Ranjeetha and her husband, Parvin are firm advocates of AAT. “We have a 4 -year-old autistic girl and she is doing really well after we adopted a dog according to the doctor’s instructions,” says Parvin. The couple are here to adopt another pet, this time they want to adopt a cat.
“Now we hope to see further improvement as we are taking home a cat this time. It feels good to see our child interacting happily with the animals,” says Parvin.
There is a widespread acceptance of the Animal Assisted Therapy among public, more than medicinal therapy.
An article by Tanaya Singh confirms that after the Mumbai airport collaborated with Animal Angels Foundation, three golden retrievers are doing a wonderful job in de-stressing the flight passengers in Mumbai’s Chattrapati Shivaji International Airport.
Pepe, Pearl and Sunshine has been a support and comfort to many, especially those who are travelling with lot of emotional baggage.
An article by Aakash Lonkar (a member in the Animal Angels Foundation) recalls a recent incident, where a passenger was stranded at the airport as her flight was delayed by eight hours. He comments, “She was extremely frustrated and upset. When she saw the dogs, she spent a good one hour with them. At the end of the interaction, she felt so relieved and said,” This is exactly what I needed-I just wanted someone to give me company.” It has been noticed by several therapists that children as young as three or four months, even people in wheelchairs, pilots and airline staff interact with the dogs and comes to nullify their stress.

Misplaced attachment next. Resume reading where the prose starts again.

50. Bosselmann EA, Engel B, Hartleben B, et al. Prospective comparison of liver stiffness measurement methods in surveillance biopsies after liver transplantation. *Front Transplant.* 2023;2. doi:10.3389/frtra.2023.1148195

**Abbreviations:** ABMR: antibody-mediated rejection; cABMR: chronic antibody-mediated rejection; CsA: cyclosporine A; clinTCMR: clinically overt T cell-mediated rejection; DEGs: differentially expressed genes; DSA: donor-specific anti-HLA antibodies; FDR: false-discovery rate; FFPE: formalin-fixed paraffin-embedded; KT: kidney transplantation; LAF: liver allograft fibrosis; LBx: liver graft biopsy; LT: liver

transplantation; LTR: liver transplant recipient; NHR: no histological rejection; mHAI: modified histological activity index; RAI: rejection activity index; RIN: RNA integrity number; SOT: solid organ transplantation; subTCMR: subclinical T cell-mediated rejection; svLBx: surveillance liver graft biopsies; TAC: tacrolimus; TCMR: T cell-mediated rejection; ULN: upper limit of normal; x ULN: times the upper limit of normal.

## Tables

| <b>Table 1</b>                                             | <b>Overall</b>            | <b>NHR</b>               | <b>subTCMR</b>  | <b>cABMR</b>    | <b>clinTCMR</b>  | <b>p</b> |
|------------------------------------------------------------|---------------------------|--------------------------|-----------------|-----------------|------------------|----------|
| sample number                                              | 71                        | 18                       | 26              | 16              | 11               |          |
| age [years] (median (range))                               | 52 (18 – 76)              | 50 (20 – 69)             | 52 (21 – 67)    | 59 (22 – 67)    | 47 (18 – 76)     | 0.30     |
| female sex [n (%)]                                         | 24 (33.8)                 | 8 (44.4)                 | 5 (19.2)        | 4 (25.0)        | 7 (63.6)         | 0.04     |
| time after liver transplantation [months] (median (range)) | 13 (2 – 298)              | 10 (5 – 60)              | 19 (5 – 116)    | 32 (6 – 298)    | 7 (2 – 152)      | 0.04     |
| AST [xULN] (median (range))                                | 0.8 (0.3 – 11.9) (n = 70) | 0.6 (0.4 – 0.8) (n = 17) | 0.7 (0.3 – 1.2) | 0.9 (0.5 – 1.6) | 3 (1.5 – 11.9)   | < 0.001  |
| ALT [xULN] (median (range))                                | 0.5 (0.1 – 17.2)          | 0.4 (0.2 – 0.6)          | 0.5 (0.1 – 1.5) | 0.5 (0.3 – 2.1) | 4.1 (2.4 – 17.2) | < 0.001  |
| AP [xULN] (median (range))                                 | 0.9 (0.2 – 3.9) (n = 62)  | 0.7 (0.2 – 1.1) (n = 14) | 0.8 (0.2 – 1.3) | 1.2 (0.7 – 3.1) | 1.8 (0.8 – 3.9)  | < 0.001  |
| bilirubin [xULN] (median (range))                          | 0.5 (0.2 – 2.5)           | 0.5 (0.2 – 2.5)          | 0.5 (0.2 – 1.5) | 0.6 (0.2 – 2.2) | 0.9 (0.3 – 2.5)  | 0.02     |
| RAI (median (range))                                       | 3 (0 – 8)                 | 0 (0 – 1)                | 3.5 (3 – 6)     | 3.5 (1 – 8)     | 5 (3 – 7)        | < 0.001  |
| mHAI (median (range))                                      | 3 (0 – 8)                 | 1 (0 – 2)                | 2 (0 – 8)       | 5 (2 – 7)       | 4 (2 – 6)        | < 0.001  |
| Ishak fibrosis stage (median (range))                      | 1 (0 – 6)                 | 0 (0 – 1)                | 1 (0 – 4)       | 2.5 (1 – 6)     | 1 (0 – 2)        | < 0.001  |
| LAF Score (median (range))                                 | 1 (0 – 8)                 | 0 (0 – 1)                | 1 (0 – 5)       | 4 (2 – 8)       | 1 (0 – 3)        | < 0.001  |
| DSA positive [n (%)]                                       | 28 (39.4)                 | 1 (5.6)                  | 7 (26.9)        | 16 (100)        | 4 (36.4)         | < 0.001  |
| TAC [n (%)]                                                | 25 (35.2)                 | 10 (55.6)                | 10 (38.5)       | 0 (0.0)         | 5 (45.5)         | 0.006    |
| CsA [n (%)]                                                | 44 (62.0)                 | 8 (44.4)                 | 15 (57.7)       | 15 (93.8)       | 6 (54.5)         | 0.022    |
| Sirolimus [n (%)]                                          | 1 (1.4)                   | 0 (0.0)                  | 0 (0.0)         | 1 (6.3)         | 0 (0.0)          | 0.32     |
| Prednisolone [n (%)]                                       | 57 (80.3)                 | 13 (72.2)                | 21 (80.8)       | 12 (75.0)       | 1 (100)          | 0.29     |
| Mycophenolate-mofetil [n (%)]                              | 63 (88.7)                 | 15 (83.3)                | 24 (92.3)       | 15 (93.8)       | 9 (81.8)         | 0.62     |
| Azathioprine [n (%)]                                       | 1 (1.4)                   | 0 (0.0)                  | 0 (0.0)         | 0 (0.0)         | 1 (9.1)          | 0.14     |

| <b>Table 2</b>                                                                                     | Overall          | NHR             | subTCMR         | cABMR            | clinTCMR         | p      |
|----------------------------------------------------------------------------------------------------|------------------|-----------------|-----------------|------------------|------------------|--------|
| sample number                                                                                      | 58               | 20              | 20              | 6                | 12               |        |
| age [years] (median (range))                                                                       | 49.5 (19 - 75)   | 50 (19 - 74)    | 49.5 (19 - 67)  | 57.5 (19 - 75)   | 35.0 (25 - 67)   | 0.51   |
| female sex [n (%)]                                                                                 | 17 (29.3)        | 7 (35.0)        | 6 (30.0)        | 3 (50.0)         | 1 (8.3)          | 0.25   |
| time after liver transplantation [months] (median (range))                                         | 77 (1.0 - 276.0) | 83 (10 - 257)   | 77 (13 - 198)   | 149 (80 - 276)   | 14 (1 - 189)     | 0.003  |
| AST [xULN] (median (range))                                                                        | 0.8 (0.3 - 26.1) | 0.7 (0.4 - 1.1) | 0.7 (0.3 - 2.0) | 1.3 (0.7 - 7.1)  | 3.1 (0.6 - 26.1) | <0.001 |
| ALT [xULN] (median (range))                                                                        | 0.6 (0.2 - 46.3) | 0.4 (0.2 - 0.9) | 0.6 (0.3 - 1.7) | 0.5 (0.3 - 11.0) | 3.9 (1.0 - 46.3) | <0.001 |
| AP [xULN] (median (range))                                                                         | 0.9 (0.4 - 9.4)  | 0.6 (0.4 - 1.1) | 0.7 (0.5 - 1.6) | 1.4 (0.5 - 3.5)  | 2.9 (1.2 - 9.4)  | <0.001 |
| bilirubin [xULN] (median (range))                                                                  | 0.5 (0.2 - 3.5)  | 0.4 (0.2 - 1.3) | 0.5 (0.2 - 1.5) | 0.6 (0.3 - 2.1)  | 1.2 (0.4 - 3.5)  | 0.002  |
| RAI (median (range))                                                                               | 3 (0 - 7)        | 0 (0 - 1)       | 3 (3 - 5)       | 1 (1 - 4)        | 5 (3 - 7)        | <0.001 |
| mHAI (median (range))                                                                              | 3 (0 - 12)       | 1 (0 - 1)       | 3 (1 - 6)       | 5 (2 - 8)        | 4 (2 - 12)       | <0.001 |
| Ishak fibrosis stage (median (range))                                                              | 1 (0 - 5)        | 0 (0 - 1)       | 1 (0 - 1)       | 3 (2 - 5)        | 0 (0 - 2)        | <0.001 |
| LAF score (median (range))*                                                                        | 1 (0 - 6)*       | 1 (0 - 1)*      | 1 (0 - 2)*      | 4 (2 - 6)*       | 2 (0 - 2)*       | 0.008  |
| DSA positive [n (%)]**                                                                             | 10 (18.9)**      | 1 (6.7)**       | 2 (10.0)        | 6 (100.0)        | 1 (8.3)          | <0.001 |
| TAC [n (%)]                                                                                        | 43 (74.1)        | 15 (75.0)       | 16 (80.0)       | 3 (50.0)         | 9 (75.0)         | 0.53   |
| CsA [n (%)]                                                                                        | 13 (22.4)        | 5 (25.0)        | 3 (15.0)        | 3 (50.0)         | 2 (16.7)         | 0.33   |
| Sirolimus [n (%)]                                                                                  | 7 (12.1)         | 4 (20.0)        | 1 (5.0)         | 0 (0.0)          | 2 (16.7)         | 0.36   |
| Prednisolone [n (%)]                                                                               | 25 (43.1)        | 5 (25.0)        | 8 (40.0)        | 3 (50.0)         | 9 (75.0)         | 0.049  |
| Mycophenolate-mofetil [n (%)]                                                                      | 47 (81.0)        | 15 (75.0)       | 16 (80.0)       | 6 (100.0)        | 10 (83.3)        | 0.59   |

How Therapy Dogs Are Chosen?
According to Mr Lonkar, it is very important for any kind of therapy animal to be positive, confident and outgoing. The families who own the therapy animals, especially dogs are also given training to maintain their emotional state to such a level so that it can remain calm and composed in any environment.
A research in India, D Y Patil University and D Y Patil Dental Hospital, Navi Mumbai has partnered with Animal Angels Foundations to have a detailed study of how the presence of a dog reduces the anxiety and pressure level of a patient, undergoing a dental procedure. Research also proves that even a fish tank in one’s dining room can reduce disruptive behaviour and increase appetite among Alzheimer’s patients..
It is also a great way to increase concentration among humans, especially children and adolescents. Samratha, a therapist in the Animal Angel Foundations in Bengaluru, explains (over phone) the entire process of AAT.
Science has proven that animals have a capability to set off several happy hormones like serotonins, endorphins, etc. that creates a sense of positivity which allows the individual who is under treatment to build a rapport or a strong bond with the animal assisting him/her. This leads to fast healing.
Another article reported an incident where an 18-year-old girl with special needs, had to undergo AAT, as she was undergoing a trauma after seeing her father die by suicide. That girl’s therapist Radhika Nair explained how she suddenly stopped talking in the middle of the therapy. Turning aggressive. During the course of therapy, it was revealed that her uncle was, molesting her.
Nair also added that most of the children, undergoing trauma are unable to express their emotions to another human being, at the same time they confide to animals and surely when it’s a dog. Dr. Dhanapalan, currently works as a Vet in the Blue Cross Of India tells, “Animals who are injured or handicapped and has been rescued can be the best therapists as they have undergone severe trauma and can be the best to deal with it, when it’s humans.”
Picture Credit: Sanchari Samanta